12. 7 World War II: First Reflections
    (pp. 97-115)

    By the time Wellman’s film appeared, however, the war had ended and people wanted to get on with their lives, not think about the recent horrors or seek ways to eliminate future carnage. The motion picture industry had long anticipated the disinterest audiences would have in revisiting the conflict and had begun to cut back on the number of combat stories in production once battlefield successes in Europe and the Pacific assured imminent Allied victory. LikeG.I. Joe, They Were ExpendableandWalk in the Sunappeared after the Japanese surrender and, validating Hollywood’s business acumen, languished at the box...

  13. 8 The Image of the Marines and John Wayne
    (pp. 116-135)

    The men who helped remind the American people that the trip remained necessary—actors such as Gary Cooper, Van Johnson, George Murphy, James Whitmore, and Gregory Peck—portrayed traditional Hollywood servicemen, whom screenwriters synthesized from their research and experiences and to whom directors gave life. However well they performed their roles, the actors remained only actors, soon moving on to other characterizations. Throughout the history of Hollywood war movies, few actors have created a military presence that carried beyond the immediate film in which they appeared.

    Victor McLaglen developed his role of Captain Flagg inWhat Price Glory?into a...

  14. 9 A Different Image
    (pp. 136-160)

    If none of the successors toSands of Iwo Jimaproduced a hero figure to equal John Wayne, the failure did not result from lack of effort. Following the lead of the successful filmmakers, every Hollywood studio began cranking out its own versions of the war. In addition to the Marine Corps movies,Operation Pacific(1951),Above and Beyond(1952), andTake the High Ground(1953) attempted to duplicate the box-office appeal of the cycle-initiating movies. As often happens, however, the imitators lacked the clarity and insights into war and men in combat that distinguished the original films. They relied...

  15. 10 The Most Ambitious Undertaking
    (pp. 161-187)

    The rehabilitation of the former enemies, which had begun before World War II ended, continued unabated into the 1960s. In the 1948Fighter Squadron,a German pilot does shoot at Edmund O’Brien as he parachutes to earth. However, one of his men promptly shoots down the enemy plane with only the comment:“Burn, you crumb, burn.” No recriminations, no reference to Hitler or the Third Reich. Even that portrayal remained an aberration.

    The novelTwelve O'Clock Highcontained a similar scene, based on an actual event. General Savage’s B-17 suffers fatal damage on the climactic mission over Germany, and he finally...

  16. 11 A Marriage Ends
    (pp. 188-209)

    The Longest Dayserved as the model for all subsequent combat spectaculars. Like Zanuck’s film,Battle of the Bulge(1965),Bridge at Remagen(1969),Tora! Tora! Tora!(1970),Midway(1976), andA Bridge Too Far(1977), among others, told the story of great battles of World War II from the viewpoints of the combatants on both sides. These movies traced the events leading up to a particular battle, with the participants speaking in their own tongues as they did inThe Longest Day.

    However well each motion picture recreated history, the narrative served only as a framework for the film’s...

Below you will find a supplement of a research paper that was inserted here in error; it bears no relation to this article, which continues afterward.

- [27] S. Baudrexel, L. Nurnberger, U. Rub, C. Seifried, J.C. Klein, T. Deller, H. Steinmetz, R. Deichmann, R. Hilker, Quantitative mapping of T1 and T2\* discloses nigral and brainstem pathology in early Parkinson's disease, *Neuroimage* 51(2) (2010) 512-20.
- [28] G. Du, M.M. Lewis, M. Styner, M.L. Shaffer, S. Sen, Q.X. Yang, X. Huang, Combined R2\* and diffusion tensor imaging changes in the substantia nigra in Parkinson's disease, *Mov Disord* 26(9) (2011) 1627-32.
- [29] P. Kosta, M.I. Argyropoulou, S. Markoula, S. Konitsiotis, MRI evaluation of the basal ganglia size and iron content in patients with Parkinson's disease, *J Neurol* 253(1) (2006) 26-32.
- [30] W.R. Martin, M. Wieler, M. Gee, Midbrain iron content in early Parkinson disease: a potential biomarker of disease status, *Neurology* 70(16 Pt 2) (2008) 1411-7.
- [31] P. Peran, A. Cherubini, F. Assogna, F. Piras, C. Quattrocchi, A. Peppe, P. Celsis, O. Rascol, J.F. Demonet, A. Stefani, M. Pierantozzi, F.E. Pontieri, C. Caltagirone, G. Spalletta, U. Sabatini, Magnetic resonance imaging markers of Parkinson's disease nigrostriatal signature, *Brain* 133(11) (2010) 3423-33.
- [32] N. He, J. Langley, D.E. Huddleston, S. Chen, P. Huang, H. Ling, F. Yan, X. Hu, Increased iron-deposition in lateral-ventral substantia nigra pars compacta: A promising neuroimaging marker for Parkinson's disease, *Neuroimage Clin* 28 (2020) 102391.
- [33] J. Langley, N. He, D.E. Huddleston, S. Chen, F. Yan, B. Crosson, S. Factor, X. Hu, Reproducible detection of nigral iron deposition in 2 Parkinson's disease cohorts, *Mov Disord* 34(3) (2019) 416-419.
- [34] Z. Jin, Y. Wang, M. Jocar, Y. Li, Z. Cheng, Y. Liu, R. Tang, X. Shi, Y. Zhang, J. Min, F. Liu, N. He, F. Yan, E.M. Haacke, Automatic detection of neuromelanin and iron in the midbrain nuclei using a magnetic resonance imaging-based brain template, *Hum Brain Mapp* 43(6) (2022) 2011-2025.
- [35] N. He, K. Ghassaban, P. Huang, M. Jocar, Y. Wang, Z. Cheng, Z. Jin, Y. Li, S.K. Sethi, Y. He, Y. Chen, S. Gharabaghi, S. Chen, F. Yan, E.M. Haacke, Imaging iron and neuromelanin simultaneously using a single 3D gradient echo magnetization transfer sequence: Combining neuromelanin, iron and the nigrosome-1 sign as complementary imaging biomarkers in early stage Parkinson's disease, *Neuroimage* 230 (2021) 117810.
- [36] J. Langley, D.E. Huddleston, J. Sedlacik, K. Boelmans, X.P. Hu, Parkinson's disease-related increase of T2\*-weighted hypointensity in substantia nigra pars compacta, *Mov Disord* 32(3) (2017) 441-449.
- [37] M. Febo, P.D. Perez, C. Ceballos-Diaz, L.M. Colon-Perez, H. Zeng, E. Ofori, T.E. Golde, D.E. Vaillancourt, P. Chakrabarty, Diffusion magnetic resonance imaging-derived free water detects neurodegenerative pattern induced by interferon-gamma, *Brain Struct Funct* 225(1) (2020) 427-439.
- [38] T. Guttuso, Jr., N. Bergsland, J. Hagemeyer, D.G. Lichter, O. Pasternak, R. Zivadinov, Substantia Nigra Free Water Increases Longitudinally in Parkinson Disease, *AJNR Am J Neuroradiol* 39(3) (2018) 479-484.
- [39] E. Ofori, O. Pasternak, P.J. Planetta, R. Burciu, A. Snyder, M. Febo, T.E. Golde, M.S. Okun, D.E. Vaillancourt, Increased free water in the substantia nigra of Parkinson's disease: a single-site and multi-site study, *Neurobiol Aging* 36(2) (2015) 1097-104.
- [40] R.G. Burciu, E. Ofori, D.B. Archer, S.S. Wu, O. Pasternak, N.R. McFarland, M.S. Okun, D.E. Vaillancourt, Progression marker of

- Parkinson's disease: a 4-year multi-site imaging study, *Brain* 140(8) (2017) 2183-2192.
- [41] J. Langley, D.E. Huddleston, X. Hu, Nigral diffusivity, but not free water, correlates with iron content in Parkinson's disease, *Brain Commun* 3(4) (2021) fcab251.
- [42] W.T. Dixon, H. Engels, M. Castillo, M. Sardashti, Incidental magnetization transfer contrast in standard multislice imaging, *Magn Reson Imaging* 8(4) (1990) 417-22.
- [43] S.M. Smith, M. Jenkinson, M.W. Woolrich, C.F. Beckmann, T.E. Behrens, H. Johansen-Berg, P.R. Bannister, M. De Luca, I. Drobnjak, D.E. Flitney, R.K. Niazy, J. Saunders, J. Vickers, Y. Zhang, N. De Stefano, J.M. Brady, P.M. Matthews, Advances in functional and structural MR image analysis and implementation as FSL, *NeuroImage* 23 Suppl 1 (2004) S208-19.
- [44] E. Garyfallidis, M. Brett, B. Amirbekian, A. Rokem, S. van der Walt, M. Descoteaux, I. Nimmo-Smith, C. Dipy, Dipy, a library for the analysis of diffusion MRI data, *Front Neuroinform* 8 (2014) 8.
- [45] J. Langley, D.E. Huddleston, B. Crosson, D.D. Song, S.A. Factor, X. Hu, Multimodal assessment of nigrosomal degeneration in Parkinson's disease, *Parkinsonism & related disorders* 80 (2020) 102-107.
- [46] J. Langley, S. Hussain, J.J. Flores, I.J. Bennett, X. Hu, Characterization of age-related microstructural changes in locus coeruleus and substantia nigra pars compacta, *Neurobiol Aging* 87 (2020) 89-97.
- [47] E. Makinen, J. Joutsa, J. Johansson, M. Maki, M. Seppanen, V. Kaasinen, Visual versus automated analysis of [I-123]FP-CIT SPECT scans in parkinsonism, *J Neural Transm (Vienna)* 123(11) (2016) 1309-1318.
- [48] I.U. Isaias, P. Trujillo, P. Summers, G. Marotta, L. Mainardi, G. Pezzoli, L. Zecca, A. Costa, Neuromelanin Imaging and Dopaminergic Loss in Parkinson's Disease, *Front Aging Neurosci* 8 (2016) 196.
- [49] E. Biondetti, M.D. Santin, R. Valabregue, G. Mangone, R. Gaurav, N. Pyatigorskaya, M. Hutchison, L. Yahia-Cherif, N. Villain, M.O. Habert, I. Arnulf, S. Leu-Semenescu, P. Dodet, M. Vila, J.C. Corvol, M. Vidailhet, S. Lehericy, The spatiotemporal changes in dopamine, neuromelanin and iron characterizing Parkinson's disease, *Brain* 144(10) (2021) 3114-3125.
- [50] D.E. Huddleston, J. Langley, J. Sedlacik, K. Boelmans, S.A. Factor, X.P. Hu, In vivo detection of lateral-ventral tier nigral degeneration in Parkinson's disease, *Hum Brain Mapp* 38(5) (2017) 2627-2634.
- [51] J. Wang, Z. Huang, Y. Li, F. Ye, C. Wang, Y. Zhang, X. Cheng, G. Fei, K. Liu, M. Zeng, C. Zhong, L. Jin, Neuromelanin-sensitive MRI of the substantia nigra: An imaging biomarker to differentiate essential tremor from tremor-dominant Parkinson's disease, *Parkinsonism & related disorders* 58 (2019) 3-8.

17. 12 The Bomb as Friend and Enemy
    (pp. 210-246)

    Until the civil war in Vietnam escalated and became an American quagmire, antiwar messages like the ones thatThe Americanization of Emilyespoused had little chance of changing people’s views on patriotism and the ability of the armed services to protect the nation from all threats. Ever since August 6,1945, the atomic bomb had provided that protection, ensuring that the United States could destroy any nation that dared to launch an attack against its sovereignty. Hollywood helped create the perception that the nation had the ultimate weapon and the men to deliver it to the far corners of the earth....

  18. 13 John Wayne, The Green Berets, and Other Heroes
    (pp. 247-277)

    Despite the powerful antibomb, antiwar message inDr. Strangelove, Fail Safe, and The Bedford Incident,in 1965 most Americans still held the armed forces in high esteem, and the military continued to win World War II in such films asIn Harm’s WayandThe Battle of the Bulge.The fighting in Vietnam was just beginning to draw attention, and the war had not yet become controversial. It did, however, attract the interest of John Wayne, who had always stood for and symbolized the “My Country Right or Wrong” school of patriotism. If he had a goal in his movies,...

  19. 14 Illusion and Reality of War
    (pp. 278-294)

    WHATEVER ITS MESSAGE, AUDIENCES PERCEIVEDPattonas a film about war and, more specifically, as a biography of a single man in war. Most people also perceived thatM*A*S*H andCatch-22portrayed men in battle, or at least men’s relationship to battle. Although both films comment on relationships in society, neither actually looks at men in combat, external appearances notwithstanding. In contrast,Toral Tora! Tora!does look at combat, more precisely, the failure of the United States to prepare adequately for battle. However, the film’s dramatic and visual shortcomings negate much of the impact of its conscious effort to...

  20. 15 Changing Images
    (pp. 295-314)

    Although Hollywood turned away from the production of “conventional” military movies after 1970, the American people did not lack visualizations of combat. Vintage war movies appeared regularly on late-night television, and the evening television news broadcasts continued to saturate the nation with combat footage from Vietnam until the final American withdrawal in 1973. Unlike Hollywood's re-creations, the network cameramen had no difficulty capturing on film all the authentic details of war—firefights, gunships spewing their rounds blindly into jungle foliage, body counts, medical helicopters evacuating wounded G.I.s, planes spreading agent orange over forests and fields, and children on fire fleeing...